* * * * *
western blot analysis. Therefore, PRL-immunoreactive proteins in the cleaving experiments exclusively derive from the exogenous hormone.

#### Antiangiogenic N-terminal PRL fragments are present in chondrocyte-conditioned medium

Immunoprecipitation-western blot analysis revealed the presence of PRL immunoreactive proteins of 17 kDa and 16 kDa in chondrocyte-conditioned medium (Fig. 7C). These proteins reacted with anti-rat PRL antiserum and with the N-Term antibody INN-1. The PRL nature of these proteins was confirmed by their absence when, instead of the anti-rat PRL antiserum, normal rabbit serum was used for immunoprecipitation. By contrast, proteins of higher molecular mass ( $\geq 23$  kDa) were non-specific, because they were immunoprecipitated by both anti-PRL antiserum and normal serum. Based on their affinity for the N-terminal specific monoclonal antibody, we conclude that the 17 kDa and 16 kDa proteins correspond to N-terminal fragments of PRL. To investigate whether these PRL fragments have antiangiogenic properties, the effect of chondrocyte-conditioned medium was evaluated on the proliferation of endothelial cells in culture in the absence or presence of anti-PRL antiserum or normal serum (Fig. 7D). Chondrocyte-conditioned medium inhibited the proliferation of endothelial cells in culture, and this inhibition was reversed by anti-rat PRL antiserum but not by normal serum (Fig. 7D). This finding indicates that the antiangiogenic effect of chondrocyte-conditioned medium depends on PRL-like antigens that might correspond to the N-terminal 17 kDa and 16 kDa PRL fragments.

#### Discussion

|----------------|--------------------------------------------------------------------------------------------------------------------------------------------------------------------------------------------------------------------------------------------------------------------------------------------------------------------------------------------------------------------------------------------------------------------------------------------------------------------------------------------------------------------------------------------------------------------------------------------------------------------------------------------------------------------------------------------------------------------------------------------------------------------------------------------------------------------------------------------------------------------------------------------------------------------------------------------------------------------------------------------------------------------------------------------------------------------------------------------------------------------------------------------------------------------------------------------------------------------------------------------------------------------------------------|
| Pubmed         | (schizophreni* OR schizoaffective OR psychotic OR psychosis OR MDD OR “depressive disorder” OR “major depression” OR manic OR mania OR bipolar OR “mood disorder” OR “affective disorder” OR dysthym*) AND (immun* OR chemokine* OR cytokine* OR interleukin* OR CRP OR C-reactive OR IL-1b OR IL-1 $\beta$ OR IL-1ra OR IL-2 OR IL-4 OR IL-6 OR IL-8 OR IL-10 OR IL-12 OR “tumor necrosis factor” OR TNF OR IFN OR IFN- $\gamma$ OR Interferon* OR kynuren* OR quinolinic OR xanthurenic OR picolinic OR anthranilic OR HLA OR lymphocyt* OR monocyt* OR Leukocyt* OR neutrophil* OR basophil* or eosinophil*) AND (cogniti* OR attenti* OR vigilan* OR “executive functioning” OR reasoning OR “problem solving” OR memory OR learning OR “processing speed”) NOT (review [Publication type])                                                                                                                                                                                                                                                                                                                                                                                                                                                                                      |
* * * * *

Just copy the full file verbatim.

western blot analysis. Therefore, PRL-immunoreactive proteins in the cleaving experiments exclusively derive from the exogenous hormone.

#### Antiangiogenic N-terminal PRL fragments are present in chondrocyte-conditioned medium

Immunoprecipitation-western blot analysis revealed the presence of PRL immunoreactive proteins of 17 kDa and 16 kDa in chondrocyte-conditioned medium (Fig. 7C). These proteins reacted with anti-rat PRL antiserum and with the N-Term antibody INN-1. The PRL nature of these proteins was confirmed by their absence when, instead of the anti-rat PRL antiserum, normal rabbit serum was used for immunoprecipitation. By contrast, proteins of higher molecular mass ( $\geq 23$  kDa) were non-specific, because they were immunoprecipitated by both anti-PRL antiserum and normal serum. Based on their affinity for the N-terminal specific monoclonal antibody, we conclude that the 17 kDa and 16 kDa proteins correspond to N-terminal fragments of PRL. To investigate whether these PRL fragments have antiangiogenic properties, the effect of chondrocyte-conditioned medium was evaluated on the proliferation of endothelial cells in culture in the absence or presence of anti-PRL antiserum or normal serum (Fig. 7D). Chondrocyte-conditioned medium inhibited the proliferation of endothelial cells in culture, and this inhibition was reversed by anti-rat PRL antiserum but not by normal serum (Fig. 7D). This finding indicates that the antiangiogenic effect of chondrocyte-conditioned medium depends on PRL-like antigens that might correspond to the N-terminal 17 kDa and 16 kDa PRL fragments.

#### Discussion

|----------------|--------------------------------------------------------------------------------------------------------------------------------------------------------------------------------------------------------------------------------------------------------------------------------------------------------------------------------------------------------------------------------------------------------------------------------------------------------------------------------------------------------------------------------------------------------------------------------------------------------------------------------------------------------------------------------------------------------------------------------------------------------------------------------------------------------------------------------------------------------------------------------------------------------------------------------------------------------------------------------------------------------------------------------------------------------------------------------------------------------------------------------------------------------------------------------------------------------------------------------------------------------------------------------------|
| Pubmed         | (schizophreni* OR schizoaffective OR psychotic OR psychosis OR MDD OR “depressive disorder” OR “major depression” OR manic OR mania OR bipolar OR “mood disorder” OR “affective disorder” OR dysthym*) AND (immun* OR chemokine* OR cytokine* OR interleukin* OR CRP OR C-reactive OR IL-1b OR IL-1 $\beta$ OR IL-1ra OR IL-2 OR IL-4 OR IL-6 OR IL-8 OR IL-10 OR IL-12 OR “tumor necrosis factor” OR TNF OR IFN OR IFN- $\gamma$ OR Interferon* OR kynuren* OR quinolinic OR xanthurenic OR picolinic OR anthranilic OR HLA OR lymphocyt* OR monocyt* OR Leukocyt* OR neutrophil* OR basophil* or eosinophil*) AND (cogniti* OR attenti* OR vigilan* OR “executive functioning” OR reasoning OR “problem solving” OR memory OR learning OR “processing speed”) NOT (review [Publication type])                                                                                                                                                                                                                                                                                                                                                                                                                                                                                      |